Murray’s works, yet, were far, far ahead of his times and held much more ‘mature’ and ‘sophisticated’ views, in the very literal sense of those terms. He really did dig deep into, and knew what he was talking about. His views were immensely superior to that of Rand’s in the case of big businesses, foreign policy, rights of War & Peace, Security production & territorial integrity. He furthermore, didn’t overlook the issue of the initial assignment of property rights. In essence, there was no hypocrisy in his stance-Let justice be done, no matter what the consequences.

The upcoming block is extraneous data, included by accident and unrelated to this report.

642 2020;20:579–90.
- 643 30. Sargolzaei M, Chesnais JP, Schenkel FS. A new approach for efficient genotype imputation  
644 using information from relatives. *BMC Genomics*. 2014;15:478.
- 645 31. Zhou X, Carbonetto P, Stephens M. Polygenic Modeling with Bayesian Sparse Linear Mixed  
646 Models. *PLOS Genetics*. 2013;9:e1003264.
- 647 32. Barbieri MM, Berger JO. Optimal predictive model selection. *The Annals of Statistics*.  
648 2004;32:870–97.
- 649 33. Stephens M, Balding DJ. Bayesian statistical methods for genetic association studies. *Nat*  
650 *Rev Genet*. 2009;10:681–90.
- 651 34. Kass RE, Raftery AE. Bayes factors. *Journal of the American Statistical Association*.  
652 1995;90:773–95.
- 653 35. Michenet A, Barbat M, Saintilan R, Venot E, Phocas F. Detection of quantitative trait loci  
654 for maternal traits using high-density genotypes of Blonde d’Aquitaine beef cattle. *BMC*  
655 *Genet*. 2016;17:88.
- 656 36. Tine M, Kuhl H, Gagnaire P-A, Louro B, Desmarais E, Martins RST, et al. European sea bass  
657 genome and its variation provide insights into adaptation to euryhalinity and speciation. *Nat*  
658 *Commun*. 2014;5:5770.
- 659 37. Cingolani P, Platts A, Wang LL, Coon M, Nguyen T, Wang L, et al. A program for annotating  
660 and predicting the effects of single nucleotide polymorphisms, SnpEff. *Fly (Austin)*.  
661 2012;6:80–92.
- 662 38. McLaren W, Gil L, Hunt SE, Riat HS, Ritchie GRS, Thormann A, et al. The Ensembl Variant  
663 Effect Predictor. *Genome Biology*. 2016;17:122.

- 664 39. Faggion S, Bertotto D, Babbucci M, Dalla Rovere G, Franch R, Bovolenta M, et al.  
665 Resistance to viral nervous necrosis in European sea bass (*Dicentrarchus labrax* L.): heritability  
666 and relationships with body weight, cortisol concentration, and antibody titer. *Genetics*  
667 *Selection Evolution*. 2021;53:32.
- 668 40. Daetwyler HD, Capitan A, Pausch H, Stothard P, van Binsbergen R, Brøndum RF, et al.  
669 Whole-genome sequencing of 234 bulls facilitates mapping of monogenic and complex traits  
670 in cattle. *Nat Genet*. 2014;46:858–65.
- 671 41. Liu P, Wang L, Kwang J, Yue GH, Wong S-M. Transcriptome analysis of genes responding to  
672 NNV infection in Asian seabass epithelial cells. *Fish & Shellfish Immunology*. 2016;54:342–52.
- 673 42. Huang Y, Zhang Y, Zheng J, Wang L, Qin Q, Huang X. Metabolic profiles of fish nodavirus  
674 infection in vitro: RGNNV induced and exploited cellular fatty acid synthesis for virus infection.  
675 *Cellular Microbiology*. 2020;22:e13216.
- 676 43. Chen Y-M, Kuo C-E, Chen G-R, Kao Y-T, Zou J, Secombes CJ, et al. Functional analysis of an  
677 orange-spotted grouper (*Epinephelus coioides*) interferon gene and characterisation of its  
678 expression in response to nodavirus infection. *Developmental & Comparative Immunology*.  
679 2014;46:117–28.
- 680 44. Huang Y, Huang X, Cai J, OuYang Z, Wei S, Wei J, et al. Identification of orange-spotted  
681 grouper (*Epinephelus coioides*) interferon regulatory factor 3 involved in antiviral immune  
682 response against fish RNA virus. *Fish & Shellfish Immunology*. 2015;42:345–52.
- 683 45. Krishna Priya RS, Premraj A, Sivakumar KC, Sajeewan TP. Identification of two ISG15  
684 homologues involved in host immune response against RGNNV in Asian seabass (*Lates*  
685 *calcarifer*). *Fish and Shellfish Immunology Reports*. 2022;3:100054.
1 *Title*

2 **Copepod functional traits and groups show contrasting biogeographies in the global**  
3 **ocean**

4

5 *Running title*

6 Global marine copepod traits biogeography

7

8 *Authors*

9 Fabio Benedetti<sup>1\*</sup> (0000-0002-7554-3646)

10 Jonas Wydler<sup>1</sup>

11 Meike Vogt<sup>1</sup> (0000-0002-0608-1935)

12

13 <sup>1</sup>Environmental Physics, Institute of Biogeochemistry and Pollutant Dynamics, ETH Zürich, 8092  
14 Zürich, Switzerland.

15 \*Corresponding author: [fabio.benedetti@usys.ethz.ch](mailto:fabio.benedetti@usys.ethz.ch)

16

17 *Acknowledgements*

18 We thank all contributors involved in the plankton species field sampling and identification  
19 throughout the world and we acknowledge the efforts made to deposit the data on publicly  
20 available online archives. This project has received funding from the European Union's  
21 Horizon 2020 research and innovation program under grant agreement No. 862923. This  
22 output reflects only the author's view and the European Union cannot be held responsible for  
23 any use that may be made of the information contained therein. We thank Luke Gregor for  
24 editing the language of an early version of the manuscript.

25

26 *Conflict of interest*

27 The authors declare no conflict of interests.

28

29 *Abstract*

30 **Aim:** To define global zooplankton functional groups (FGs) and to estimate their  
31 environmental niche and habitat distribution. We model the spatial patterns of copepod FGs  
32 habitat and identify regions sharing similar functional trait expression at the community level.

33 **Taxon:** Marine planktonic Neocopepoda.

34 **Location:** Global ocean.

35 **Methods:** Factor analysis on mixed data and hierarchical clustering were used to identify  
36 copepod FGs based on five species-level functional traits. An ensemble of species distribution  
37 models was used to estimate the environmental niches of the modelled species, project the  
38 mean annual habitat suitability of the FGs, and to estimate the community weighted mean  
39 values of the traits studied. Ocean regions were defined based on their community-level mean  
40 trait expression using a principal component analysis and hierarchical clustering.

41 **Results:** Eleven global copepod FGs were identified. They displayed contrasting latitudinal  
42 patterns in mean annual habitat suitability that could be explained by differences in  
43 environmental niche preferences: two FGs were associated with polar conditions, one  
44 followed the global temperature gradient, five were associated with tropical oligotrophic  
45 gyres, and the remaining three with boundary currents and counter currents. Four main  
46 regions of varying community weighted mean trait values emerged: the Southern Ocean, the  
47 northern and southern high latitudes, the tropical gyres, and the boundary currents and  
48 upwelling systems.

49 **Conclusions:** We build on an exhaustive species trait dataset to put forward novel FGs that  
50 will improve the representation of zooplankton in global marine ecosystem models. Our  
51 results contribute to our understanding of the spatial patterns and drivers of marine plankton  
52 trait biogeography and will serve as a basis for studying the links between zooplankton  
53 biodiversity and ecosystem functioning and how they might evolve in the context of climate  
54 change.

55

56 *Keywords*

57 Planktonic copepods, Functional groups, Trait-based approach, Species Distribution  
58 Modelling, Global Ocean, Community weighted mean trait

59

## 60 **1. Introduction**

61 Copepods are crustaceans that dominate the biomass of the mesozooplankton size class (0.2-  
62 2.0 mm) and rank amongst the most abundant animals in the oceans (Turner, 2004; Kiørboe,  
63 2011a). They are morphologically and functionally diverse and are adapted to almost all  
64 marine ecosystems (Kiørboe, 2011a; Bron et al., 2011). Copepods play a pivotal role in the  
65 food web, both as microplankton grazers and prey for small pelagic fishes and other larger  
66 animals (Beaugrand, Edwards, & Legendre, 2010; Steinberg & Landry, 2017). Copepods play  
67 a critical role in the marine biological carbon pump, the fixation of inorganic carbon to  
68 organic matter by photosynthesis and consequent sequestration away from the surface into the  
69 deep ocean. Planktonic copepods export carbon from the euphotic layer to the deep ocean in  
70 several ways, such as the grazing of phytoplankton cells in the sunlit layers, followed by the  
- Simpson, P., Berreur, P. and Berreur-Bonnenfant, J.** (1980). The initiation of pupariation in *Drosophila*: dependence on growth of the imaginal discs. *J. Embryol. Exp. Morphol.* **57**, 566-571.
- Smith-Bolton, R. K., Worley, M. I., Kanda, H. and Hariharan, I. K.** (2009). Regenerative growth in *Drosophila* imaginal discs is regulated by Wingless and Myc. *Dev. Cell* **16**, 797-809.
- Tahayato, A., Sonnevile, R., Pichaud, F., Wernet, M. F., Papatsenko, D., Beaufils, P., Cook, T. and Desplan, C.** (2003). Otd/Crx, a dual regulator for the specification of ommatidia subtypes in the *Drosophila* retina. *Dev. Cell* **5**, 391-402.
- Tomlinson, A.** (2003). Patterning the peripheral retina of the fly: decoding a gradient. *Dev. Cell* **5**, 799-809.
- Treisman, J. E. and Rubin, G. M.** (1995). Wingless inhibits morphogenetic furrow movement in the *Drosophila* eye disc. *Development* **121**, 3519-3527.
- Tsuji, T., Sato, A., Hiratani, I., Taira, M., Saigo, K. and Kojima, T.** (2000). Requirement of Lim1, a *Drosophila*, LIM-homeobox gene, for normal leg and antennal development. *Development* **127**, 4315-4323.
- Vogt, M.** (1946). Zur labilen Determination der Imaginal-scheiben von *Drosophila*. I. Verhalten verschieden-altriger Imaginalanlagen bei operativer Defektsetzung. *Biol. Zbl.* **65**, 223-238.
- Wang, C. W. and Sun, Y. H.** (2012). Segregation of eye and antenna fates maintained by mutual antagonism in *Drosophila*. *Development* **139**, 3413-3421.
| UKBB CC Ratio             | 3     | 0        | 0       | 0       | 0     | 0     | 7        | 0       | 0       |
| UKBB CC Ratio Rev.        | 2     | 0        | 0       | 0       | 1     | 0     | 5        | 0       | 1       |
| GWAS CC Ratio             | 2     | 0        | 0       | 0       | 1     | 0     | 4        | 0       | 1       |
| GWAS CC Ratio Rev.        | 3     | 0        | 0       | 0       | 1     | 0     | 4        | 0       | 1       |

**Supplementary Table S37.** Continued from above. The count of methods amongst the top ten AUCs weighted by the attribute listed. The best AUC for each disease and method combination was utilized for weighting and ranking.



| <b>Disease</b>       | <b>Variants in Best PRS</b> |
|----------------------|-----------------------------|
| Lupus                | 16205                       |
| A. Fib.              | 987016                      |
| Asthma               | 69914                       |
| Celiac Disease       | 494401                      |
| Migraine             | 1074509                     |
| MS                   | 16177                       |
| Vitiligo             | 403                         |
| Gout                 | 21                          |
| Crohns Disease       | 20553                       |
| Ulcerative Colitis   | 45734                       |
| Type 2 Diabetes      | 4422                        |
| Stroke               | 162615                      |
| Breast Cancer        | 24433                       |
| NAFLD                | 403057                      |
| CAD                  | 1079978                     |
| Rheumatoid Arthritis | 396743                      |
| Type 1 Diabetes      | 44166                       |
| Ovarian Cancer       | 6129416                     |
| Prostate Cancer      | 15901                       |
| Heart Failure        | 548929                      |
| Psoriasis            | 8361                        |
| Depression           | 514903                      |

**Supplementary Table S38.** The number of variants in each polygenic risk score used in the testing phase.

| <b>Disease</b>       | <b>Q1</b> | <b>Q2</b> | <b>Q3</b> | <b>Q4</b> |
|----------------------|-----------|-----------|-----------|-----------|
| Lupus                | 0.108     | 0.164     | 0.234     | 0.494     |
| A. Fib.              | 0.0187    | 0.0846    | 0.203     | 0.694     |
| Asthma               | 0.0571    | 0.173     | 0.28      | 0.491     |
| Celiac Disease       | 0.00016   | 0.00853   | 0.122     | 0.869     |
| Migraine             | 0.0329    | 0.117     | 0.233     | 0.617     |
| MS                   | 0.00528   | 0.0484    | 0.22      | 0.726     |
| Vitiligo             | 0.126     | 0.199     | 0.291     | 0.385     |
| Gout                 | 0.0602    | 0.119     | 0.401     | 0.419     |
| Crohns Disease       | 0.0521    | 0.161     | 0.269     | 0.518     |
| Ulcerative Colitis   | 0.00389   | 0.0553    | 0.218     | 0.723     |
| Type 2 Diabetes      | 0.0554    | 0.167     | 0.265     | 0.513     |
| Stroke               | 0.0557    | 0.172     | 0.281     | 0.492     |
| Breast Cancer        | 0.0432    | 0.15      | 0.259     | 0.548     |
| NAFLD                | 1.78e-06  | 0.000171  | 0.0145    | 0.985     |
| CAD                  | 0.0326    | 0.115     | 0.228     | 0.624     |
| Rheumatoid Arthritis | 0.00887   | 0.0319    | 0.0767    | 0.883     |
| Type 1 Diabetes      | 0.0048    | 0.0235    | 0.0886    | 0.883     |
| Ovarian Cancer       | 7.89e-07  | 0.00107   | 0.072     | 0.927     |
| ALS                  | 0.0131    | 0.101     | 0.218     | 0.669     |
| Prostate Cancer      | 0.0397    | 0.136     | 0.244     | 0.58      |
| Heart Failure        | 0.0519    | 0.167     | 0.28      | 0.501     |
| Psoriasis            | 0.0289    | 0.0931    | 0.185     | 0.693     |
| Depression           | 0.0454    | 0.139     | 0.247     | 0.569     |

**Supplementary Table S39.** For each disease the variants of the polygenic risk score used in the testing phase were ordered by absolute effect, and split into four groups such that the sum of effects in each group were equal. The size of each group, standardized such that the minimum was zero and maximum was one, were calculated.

It was only that Rothbard was shadowed by two giants, Rand and Mises. Our society wasn’t, and still isn’t ready for his seemingly eccentric views including market anarchism. Even Rand’s own work sounds like a communist manifesto in the ground of his views. Moreover, Rothbard uses humor in an allegedly inappropriate manner and held intentionally eccentric views in some issues as children’s rights and women’s liberation, which even I can’t really approve of. In some issues, he truly gives out the idea that he shouldn’t be taken seriously at all. If you have sense enough to dismiss it all and get to the root of his arguments, you can see that he was right in most of the issues he set his hands on. His allegedly naïve and immature views were not only sophisticated, but also grounded in an extremely complex knowledge of political theory and economics. It’s only sad that the public would need a long line of ‘experts’ to acknowledge and testify to adhere to those views even when every reason should have told them to do so.